In an age when anything that feels good is potentially addictive, shopping has emerged as something of a laughable dependency.

Last week, Black Entertainment Television news aired a report on a young "shopaholic" who spent $600 a month -- nearly enough for a house note -- on record albums. He was so badly hooked on shopping that he needed a fix of 35 credit cards.

Some of us may laugh: It's his money, his credit rating, his albums. But it's also ignorance of economics. When it comes to the financial woes of black people in America, there is nothing funny.

A year ago, Money magazine noted that because many black Americans do not know how to handle money, they generally tend not to have any. We don't patronize black businesses the way we should, thus depriving ourselves of better job and investment opportunites. Too few of our purchases appreciate in value and, most important, we don't save.

This year, the old adage remains grimly true: A fool and his money soon part company.

Black Americans who make $24,000 to $48,000 year have an average net worth of about $17,000, says Money, while whites who make the same amount have an average net worth of roughly $54,000.

The recent troubles of Latin Investment Corp., as tragic a story as it is for its Salvadoran customers, nevertheless reveal how far black America must go to to realize its financial power.

Here were families, some with three and four infant children, managing to save $5,000, $10,000 -- even $50,000 -- over several years. Some of them worked jobs that paid as little as $90 a week.

But they sacrificed. They budgeted. They delayed the gratification of always shopping for something new.

They laughed when passing store windows where sneakers costing $120 were on display. Sixty-five bucks for a pair a jeans that are worth no more than $4? They knew, as Joshua I. Smith, chairman of the federal minority business development commission said in a recently televised speech, "Just because it's on your ass doesn't make it an asset."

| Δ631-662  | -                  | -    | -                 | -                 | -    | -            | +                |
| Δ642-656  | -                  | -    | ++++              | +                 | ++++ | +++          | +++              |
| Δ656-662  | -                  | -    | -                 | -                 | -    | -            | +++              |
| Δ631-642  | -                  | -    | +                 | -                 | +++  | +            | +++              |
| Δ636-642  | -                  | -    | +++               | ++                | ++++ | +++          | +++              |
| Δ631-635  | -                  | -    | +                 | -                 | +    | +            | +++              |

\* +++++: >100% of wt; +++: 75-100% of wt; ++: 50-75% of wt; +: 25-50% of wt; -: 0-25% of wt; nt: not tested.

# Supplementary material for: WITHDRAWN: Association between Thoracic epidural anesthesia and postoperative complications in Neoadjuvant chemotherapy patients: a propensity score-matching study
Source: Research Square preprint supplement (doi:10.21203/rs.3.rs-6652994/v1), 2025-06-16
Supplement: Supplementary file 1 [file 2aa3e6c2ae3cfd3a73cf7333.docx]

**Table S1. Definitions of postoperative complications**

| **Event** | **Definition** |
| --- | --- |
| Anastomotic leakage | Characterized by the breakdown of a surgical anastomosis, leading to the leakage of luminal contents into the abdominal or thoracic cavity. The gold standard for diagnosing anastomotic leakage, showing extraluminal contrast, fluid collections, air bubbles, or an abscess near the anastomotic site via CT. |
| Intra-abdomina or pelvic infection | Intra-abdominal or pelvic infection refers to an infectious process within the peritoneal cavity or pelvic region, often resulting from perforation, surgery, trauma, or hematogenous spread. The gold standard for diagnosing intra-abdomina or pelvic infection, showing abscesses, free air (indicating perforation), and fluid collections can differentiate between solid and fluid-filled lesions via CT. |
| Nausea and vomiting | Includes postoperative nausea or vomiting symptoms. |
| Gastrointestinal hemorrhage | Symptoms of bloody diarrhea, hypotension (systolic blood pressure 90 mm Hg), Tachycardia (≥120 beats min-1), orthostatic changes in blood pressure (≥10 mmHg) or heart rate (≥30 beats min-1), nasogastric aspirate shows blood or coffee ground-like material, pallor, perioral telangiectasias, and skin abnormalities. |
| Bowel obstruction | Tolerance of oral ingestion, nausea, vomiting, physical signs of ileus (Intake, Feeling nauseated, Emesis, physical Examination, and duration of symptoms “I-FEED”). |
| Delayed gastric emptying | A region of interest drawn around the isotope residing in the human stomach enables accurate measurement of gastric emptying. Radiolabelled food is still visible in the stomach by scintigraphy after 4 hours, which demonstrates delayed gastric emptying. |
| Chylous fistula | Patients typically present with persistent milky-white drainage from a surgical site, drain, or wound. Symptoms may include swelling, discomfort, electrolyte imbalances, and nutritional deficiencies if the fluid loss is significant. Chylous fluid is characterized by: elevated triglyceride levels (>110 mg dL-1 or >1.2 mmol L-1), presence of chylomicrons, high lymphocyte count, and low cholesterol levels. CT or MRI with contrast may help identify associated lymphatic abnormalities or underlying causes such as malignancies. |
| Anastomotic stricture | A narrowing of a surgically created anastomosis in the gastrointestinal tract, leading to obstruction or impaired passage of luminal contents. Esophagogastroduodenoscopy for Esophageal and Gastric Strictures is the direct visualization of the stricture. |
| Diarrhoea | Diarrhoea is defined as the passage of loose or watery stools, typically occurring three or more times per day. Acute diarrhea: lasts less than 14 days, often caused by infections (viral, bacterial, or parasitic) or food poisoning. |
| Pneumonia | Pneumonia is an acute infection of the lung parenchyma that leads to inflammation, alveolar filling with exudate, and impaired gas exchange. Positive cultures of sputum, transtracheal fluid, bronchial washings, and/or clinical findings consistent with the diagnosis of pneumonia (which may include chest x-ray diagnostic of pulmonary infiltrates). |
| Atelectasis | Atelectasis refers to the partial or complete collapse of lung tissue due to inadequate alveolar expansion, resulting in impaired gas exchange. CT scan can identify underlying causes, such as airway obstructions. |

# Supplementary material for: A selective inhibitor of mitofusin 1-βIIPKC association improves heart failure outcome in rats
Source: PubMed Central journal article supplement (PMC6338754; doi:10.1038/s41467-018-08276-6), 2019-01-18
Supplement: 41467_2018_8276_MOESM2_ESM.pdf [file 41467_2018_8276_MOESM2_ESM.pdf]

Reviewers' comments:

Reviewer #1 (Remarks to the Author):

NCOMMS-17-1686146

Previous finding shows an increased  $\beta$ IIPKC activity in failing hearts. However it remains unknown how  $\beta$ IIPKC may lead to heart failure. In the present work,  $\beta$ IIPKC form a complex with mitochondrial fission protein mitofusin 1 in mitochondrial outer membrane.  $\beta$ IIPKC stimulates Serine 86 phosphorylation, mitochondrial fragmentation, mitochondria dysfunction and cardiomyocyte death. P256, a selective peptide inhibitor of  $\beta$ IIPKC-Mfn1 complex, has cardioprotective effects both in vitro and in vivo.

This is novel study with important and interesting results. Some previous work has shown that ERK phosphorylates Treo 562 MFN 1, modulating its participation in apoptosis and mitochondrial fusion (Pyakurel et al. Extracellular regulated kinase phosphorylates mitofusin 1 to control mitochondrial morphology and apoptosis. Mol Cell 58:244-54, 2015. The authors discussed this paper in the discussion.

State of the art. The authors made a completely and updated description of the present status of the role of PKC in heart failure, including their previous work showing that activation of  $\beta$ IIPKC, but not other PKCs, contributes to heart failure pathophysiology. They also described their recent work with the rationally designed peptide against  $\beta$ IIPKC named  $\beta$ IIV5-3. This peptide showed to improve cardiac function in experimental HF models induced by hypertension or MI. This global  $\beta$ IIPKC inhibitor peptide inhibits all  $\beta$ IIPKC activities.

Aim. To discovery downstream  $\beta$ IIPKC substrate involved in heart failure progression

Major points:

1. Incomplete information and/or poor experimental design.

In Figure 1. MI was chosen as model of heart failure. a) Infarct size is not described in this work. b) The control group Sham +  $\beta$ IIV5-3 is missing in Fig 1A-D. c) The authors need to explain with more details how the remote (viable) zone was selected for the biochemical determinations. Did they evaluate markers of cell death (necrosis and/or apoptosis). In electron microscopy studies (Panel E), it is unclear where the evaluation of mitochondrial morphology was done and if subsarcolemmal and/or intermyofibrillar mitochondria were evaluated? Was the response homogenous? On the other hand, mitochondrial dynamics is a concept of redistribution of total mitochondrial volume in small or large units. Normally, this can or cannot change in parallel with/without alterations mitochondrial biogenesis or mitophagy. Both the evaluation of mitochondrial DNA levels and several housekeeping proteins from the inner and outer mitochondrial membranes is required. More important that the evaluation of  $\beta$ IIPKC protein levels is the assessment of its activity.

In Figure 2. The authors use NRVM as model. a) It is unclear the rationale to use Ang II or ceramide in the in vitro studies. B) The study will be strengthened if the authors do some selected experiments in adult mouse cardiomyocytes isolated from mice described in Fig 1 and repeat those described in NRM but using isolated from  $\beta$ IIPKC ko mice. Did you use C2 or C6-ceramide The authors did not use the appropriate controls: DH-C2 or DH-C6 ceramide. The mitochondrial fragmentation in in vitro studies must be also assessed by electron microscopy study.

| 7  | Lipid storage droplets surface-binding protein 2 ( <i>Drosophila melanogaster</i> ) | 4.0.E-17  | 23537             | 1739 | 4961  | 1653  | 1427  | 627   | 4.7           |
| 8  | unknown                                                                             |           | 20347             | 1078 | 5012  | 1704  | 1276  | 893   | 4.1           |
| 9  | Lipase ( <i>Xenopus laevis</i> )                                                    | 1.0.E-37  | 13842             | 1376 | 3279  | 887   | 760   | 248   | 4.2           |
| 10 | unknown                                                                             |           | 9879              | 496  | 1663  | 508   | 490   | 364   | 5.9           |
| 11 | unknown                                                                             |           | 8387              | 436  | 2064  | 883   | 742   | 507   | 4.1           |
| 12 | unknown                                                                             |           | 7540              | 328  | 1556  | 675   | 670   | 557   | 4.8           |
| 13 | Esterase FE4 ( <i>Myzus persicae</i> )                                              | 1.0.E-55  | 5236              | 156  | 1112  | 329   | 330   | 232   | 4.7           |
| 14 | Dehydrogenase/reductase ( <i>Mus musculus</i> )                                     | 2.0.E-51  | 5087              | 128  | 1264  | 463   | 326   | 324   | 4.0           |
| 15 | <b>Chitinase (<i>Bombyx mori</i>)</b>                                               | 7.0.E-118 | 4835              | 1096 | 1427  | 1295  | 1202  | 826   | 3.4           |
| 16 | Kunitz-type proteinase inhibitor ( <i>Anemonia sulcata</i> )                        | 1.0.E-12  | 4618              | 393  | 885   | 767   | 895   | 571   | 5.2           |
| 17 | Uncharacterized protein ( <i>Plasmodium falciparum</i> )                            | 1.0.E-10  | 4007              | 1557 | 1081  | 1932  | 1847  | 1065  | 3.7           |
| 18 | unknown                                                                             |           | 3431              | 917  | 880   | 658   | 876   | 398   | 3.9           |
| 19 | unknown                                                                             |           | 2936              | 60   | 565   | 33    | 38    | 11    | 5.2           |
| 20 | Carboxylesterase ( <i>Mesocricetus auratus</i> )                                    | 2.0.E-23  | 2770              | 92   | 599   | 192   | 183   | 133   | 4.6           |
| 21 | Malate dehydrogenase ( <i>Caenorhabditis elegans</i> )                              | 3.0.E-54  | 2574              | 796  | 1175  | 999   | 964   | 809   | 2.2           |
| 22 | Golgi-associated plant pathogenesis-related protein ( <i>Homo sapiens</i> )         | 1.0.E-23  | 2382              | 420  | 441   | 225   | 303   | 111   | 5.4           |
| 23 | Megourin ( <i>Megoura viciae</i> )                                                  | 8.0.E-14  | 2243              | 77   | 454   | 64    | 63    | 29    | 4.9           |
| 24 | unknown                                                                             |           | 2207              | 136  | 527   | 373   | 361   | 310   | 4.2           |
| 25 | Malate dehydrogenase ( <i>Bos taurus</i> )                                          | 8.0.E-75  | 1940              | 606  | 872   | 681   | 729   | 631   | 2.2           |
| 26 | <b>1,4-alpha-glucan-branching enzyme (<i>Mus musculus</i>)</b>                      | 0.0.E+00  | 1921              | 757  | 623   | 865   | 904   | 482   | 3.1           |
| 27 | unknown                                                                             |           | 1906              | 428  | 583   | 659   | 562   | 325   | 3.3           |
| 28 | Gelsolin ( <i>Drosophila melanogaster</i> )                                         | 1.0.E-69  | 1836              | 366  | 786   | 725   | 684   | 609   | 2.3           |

The Salvadorans were saving money to buy houses, land and businesses. They were setting aside money to send their children to college. Without scholarships set aside for their children, they were too busy working to worry about what cuts the Bush administration is contemplating.

The result was that a group of about 2,000 Spanish-speaking customers had accumulated $6 million to $13 million. It is unlikely you could find 2,000 black people in this town with that kind of money set aside.

If this critique of black America's spending habits seems overly harsh, it is only because the economic times cry out for drastic change in the way we handle our money. All of us, regardless of how well some of us have prospered, could do better.

According to Money magazine, blacks are 2 1/2 times less likely to put their money in the stock market or Individual Retirement Accounts. Only 9 percent of blacks, compared with 24 percent of whites in the same income group, are likely to own stock or invest in mutual funds.

Only 4 percent of blacks, compared with 11 percent of whites, own equity in a business.

But that's what happens when you put more money into clothes and cars and stereos and bar-hopping than savings. There is a joke among financial analysts: Blacks buy things that move; whites buy things that grow. And even then, we don't spend our money wisely.

According to a recent study published in the Harvard Law Review, blacks and women pay nearly $900 more for cars than white men. The reason is that automobile dealers assume that blacks and women don't know what they are doing when they enter the showroom. Like any garden variety dope dealer, these car dealers look for financial ignorance among their black customers and exploit it.

That is not funny.

Unless, of course, you're a car dealer. Those guys are laughing all the way to the bank.